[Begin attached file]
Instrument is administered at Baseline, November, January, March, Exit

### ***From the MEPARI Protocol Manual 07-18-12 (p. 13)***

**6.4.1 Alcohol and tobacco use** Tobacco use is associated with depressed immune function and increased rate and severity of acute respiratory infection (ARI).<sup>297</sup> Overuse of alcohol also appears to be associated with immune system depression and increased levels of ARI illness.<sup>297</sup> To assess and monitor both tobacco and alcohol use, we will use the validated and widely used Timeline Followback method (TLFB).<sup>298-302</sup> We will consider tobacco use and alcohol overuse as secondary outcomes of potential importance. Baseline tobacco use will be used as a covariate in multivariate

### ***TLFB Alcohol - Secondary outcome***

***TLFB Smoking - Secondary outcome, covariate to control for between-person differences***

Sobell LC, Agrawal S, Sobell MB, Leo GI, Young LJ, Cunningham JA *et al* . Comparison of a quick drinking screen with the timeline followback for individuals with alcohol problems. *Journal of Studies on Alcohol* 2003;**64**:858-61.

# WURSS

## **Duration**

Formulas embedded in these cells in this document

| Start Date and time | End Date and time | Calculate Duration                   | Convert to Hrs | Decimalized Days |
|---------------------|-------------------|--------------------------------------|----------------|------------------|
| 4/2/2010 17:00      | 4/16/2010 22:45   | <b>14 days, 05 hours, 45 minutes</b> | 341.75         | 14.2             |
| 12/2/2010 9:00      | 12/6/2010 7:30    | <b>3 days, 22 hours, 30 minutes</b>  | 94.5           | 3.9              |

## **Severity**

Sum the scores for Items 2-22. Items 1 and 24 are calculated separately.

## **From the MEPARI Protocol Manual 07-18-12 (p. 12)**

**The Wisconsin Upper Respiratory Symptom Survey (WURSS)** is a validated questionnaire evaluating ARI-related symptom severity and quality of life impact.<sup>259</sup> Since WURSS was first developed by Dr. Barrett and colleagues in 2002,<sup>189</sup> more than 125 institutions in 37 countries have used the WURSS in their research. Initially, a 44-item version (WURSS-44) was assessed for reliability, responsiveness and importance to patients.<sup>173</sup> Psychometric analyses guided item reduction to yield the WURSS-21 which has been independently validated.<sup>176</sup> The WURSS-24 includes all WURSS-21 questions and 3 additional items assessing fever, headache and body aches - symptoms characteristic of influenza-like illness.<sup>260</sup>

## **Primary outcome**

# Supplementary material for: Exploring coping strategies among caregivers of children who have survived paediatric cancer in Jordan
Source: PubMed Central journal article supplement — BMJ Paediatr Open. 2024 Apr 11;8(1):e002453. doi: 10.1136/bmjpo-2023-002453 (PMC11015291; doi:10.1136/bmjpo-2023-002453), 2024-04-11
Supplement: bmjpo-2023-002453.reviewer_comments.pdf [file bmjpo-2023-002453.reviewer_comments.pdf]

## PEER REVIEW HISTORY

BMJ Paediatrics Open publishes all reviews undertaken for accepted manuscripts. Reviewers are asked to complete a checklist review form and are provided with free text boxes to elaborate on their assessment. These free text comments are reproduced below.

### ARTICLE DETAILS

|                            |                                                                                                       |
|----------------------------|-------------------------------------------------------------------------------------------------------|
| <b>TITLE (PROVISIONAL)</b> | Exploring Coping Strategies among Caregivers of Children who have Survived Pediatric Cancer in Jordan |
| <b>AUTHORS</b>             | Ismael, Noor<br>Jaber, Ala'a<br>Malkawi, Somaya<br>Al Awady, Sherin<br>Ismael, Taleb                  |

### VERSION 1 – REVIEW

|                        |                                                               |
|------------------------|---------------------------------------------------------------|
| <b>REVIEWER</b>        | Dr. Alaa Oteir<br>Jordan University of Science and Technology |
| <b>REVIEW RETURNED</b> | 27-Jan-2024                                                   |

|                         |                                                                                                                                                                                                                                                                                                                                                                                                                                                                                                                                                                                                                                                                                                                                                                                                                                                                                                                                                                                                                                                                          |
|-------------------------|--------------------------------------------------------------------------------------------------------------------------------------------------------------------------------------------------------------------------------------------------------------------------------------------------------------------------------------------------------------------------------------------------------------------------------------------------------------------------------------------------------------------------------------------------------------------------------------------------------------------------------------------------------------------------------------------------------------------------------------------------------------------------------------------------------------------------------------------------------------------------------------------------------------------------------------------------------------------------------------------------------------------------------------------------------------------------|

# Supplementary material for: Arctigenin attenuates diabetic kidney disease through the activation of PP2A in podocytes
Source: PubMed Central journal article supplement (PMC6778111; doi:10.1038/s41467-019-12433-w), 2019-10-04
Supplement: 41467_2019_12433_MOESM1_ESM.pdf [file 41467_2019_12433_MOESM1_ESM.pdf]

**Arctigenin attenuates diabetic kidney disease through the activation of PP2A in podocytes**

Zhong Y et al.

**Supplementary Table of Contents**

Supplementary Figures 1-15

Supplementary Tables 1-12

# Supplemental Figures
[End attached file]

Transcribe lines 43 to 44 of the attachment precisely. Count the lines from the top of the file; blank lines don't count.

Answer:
Supplementary Tables 1-12

# Supplemental Figures